no references

ePoster
Topic: Education

n/a


Background: Competency by Design (CBD) is a curriculum design recently launched in Canada with a goal to improve assessment of trainees and to address the 'failure to fail' dilemma frequently described in medical education. To do this, CBD relies on individual focused assessments that are centered around achieving competence at entrustable professional activities (EPAs) of a medical discipline. Assessment tools typically contain an entrustment as well as qualitative feedback. Almost two years in to our launch of a CBD in the Critical Care Medicine (CCM) Program at Queen's University, we sought to review the quantity and quality of the data we were acquiring during our pilot 33 EPA CCM Curriculum. 

Objective: The goal of this analysis was to review the data obtained to date in our pilot EPA-based curriculum. We looked at the quantity of acquired assessments. Further, we evaluated our two utilized entrustment scales to ascertain whether the scales were able to appropriately discriminate the ability of trainees.

Methods: Using our online data acquisition platform, Medtech, all data for assessments performed for trainees enrolled in CBD based CCM curriculum from July 1st 2017-May 30th 2019 was extracted. To evaluate our assessment strategy, we reviewed the quantity of individual assessments as well as looked at the distribution of answers for each utilized entrustment system compared with qualitative feedback.  Two entrustment scales, the O-score, used to assess procedure based EPAS, and a 3-point entrustment scale for non-procedure-based EPAs, were a primary focus.
 
Results: There were a total of 11 trainees who generated 1056 independent assessments. Of the 353 O-score assessments, the distribution of the final entrustment decision was:  4 (1.1 %) 'I had to do', 23 (6.5 %) 'I had to talk them through', 48 (13.6) 'I had to prompt them from time to time', 117 (33.1%) 'I needed to be there just in case' and 353 (49.9%) 'I did not need to be there'.  Of the 782 3-point entrustment scale assessments the distribution of final entrustment decisions was: 4 (0.5 %) 'not yet', 81 (10.4%) 'almost' and 703 (89.9 %) 'yes'. When compared with the corresponding qualitative data, the 3-point entrustment scale failed to provide an accurate reflection of the 'competence' of trainees at a given EPA.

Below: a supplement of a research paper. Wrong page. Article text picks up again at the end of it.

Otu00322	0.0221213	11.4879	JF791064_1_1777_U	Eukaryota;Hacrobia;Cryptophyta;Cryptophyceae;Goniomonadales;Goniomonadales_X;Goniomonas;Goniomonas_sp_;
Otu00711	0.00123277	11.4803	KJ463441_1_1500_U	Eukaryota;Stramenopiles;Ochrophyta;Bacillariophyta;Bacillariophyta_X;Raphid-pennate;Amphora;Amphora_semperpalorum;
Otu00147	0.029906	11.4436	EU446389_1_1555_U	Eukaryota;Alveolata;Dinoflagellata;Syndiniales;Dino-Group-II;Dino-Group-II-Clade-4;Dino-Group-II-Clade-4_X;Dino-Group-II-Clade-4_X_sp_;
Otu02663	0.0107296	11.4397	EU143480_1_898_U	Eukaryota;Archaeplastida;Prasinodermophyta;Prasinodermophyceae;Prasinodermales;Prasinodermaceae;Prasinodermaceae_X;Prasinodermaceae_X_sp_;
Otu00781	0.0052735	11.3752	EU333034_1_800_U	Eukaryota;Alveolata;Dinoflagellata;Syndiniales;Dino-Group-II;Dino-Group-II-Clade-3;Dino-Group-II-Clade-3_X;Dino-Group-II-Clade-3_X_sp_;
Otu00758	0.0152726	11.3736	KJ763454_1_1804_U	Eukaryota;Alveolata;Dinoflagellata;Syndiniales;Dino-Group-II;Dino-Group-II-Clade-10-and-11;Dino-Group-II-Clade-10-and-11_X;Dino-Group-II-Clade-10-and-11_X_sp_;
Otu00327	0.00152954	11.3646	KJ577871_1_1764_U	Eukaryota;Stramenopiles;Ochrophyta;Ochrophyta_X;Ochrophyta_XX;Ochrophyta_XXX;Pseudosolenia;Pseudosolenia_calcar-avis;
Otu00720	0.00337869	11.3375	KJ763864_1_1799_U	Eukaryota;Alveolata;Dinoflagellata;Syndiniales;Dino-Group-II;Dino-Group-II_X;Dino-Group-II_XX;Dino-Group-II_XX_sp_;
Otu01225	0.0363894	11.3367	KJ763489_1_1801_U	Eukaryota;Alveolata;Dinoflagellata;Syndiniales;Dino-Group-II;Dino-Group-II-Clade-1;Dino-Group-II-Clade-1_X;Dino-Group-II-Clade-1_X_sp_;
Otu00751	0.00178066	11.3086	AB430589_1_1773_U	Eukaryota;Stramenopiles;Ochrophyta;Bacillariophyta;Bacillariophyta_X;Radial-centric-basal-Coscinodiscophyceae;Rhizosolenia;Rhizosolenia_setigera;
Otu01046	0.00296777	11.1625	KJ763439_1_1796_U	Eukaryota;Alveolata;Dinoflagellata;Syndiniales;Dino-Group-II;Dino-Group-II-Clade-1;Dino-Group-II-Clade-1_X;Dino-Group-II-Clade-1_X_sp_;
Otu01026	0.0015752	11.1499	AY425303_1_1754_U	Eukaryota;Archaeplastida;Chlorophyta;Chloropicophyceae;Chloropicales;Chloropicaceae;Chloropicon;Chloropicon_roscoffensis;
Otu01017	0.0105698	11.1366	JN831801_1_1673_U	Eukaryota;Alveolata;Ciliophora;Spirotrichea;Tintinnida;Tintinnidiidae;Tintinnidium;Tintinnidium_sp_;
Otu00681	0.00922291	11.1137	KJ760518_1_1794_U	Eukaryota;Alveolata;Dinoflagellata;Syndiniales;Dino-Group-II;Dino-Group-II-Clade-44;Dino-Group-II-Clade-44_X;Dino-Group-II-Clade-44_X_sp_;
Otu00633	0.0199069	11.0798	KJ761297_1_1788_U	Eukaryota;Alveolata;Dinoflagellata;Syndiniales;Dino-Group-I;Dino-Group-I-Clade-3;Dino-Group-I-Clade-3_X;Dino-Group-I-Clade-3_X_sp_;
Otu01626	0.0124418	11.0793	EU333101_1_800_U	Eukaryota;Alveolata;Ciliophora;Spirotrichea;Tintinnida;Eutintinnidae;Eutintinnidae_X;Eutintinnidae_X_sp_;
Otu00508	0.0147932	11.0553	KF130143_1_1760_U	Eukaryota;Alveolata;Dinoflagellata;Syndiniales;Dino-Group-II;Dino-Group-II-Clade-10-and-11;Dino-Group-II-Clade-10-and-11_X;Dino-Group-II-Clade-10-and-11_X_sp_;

Discussion: Overall, trainees were able to achieve a significant number of assessments (approx. 100 per person) and thus were able to meet the requirements of our curriculum. For assessment data from procedure-based EPAS, the O-score entrustment scale yielded a wide distribution over the entire range of entrustment categories. Further, when compared quantitative data, there was good correlation between O-Score and written feedback. This suggests that in our assessment of procedural skills, we are observing individuals at all stages of their progression towards competency. In the case of non-procedural EPAs, trainees are deemed entrustable in approximately 90% of cases. However, the qualitative data often yielded concerns that seemed incongruent with entrustment. This would suggest persistence of the 'failure to fail' dilemma.

Conclusion: In our current model, we were able to obtain enough assessments to satisfy our pilot curriculum. However, in this inception cohort, the Queen's 3-point entrustment scale failed to discriminate competence in non-procedural EPAs. Whether this is because of the design or application of this scale in this setting remains to be elucidated.
 
 


no references